Disaster risk reduction needs cultural inputs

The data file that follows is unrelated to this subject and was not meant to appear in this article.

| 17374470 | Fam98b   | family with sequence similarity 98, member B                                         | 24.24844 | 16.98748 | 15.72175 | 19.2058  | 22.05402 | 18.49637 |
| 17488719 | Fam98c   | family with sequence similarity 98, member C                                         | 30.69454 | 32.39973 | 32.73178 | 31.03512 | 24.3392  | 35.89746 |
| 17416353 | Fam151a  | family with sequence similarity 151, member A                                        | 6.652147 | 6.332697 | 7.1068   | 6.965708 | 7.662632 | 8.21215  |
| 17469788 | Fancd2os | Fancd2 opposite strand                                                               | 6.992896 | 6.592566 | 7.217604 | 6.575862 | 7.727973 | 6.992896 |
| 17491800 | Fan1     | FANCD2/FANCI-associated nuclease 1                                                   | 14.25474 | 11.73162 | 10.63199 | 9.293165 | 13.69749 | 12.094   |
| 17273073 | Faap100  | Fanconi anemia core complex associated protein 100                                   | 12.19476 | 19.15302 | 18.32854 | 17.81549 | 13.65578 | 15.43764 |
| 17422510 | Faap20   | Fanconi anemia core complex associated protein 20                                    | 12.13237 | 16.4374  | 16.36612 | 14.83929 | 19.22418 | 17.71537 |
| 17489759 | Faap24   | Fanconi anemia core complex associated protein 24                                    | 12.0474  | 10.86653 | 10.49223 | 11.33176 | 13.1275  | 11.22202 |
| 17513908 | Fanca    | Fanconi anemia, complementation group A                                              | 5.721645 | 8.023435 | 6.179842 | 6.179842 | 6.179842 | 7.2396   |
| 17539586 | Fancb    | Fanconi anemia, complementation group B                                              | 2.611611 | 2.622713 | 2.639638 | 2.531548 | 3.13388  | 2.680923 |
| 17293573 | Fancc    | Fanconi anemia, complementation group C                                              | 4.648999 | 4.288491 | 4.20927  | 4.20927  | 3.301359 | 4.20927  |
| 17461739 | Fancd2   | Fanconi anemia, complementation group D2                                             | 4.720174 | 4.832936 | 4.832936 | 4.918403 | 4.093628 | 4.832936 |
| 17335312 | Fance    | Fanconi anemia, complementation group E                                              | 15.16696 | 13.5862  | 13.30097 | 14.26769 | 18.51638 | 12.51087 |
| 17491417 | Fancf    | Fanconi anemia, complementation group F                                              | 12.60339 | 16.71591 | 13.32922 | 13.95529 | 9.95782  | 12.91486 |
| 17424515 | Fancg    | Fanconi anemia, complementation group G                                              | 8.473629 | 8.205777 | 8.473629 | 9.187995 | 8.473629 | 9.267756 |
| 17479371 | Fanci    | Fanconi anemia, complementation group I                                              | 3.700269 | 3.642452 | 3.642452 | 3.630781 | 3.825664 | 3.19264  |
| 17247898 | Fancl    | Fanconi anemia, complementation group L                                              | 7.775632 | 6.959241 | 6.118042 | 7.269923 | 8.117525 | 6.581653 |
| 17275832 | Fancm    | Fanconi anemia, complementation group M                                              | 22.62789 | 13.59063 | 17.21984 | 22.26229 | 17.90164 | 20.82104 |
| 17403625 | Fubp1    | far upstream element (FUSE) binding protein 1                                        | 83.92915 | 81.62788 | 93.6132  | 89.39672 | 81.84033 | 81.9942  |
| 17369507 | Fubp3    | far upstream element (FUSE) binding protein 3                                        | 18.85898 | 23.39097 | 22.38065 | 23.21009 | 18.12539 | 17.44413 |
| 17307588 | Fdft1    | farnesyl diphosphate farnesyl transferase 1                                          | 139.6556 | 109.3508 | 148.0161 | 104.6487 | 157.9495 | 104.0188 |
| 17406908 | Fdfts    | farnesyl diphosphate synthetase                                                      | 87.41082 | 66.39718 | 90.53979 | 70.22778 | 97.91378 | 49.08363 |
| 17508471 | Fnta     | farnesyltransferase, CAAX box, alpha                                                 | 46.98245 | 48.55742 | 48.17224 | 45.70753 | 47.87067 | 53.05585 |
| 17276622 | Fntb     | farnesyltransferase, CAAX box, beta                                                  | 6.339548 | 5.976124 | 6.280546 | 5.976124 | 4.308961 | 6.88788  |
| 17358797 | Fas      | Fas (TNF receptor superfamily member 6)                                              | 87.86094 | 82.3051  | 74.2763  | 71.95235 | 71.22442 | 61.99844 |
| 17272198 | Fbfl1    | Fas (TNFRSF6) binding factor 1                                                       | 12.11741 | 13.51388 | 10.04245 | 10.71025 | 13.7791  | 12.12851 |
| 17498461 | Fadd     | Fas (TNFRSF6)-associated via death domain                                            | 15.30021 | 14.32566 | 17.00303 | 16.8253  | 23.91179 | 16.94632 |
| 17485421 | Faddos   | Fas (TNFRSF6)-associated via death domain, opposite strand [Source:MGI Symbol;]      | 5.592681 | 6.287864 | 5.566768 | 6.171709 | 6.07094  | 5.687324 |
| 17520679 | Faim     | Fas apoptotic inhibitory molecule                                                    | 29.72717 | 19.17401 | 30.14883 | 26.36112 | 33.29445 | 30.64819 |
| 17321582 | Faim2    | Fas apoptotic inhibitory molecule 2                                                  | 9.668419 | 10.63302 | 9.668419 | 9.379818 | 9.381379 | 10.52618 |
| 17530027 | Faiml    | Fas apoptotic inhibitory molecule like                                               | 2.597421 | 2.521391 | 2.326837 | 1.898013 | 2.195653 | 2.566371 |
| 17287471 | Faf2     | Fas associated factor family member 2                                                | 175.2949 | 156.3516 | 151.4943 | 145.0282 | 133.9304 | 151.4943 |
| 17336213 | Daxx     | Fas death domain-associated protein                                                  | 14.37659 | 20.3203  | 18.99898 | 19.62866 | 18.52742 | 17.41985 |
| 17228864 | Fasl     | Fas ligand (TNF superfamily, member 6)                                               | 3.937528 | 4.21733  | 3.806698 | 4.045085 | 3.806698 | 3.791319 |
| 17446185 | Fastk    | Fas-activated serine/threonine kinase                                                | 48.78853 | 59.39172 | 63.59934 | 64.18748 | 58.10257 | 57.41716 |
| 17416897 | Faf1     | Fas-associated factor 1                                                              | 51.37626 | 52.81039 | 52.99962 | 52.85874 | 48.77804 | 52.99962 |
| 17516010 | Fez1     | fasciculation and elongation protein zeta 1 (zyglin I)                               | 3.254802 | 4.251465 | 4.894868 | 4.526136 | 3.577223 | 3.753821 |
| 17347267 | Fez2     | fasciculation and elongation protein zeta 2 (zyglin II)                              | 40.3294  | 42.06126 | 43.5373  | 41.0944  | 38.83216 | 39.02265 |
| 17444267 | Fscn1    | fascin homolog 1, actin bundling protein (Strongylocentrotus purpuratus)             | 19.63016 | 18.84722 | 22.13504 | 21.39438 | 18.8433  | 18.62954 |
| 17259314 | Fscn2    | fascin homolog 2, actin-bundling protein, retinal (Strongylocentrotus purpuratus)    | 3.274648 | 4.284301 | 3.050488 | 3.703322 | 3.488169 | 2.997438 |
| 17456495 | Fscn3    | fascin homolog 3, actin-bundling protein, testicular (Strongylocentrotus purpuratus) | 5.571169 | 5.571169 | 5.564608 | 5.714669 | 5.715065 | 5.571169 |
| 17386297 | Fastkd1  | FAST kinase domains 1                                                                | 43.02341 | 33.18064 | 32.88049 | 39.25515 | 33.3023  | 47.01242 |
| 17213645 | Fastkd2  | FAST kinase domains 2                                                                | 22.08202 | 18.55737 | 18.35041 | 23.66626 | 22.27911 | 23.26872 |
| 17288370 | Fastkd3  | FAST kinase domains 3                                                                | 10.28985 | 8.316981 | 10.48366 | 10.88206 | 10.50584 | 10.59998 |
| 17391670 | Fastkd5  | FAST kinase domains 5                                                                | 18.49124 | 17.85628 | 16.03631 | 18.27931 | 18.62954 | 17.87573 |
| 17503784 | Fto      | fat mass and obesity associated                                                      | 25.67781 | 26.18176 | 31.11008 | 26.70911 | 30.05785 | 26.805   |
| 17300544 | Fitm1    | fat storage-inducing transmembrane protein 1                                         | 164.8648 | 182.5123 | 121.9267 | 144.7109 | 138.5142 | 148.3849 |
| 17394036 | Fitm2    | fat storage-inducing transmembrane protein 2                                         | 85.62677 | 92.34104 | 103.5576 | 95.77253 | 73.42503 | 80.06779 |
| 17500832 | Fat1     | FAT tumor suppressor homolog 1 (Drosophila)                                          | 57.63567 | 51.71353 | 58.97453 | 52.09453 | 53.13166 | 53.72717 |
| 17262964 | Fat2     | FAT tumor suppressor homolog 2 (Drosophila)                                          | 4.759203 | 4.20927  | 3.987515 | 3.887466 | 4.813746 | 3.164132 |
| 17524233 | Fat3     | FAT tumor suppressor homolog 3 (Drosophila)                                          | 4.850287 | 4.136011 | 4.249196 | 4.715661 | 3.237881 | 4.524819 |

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A new United Nations-backed report shows that many disaster risk reduction (DRR) programs fail because they do not take into account “cultural causes of vulnerability.” The “World Disasters Report (WDR) 2014: Focus on culture and risk,” published by the International Federation of Red Cross (IFRC) and Red Crescent Societies, looks at how culture affects DRR and how disasters and risk influence culture. According to IFRC, most people who live in places that are exposed to serious hazards are aware of the risks they face, yet they still live there to earn their living. Also, culture and beliefs in spirits or gods, or simple fatalism, enable people to live with risks and make sense of their lives in dangerous places.

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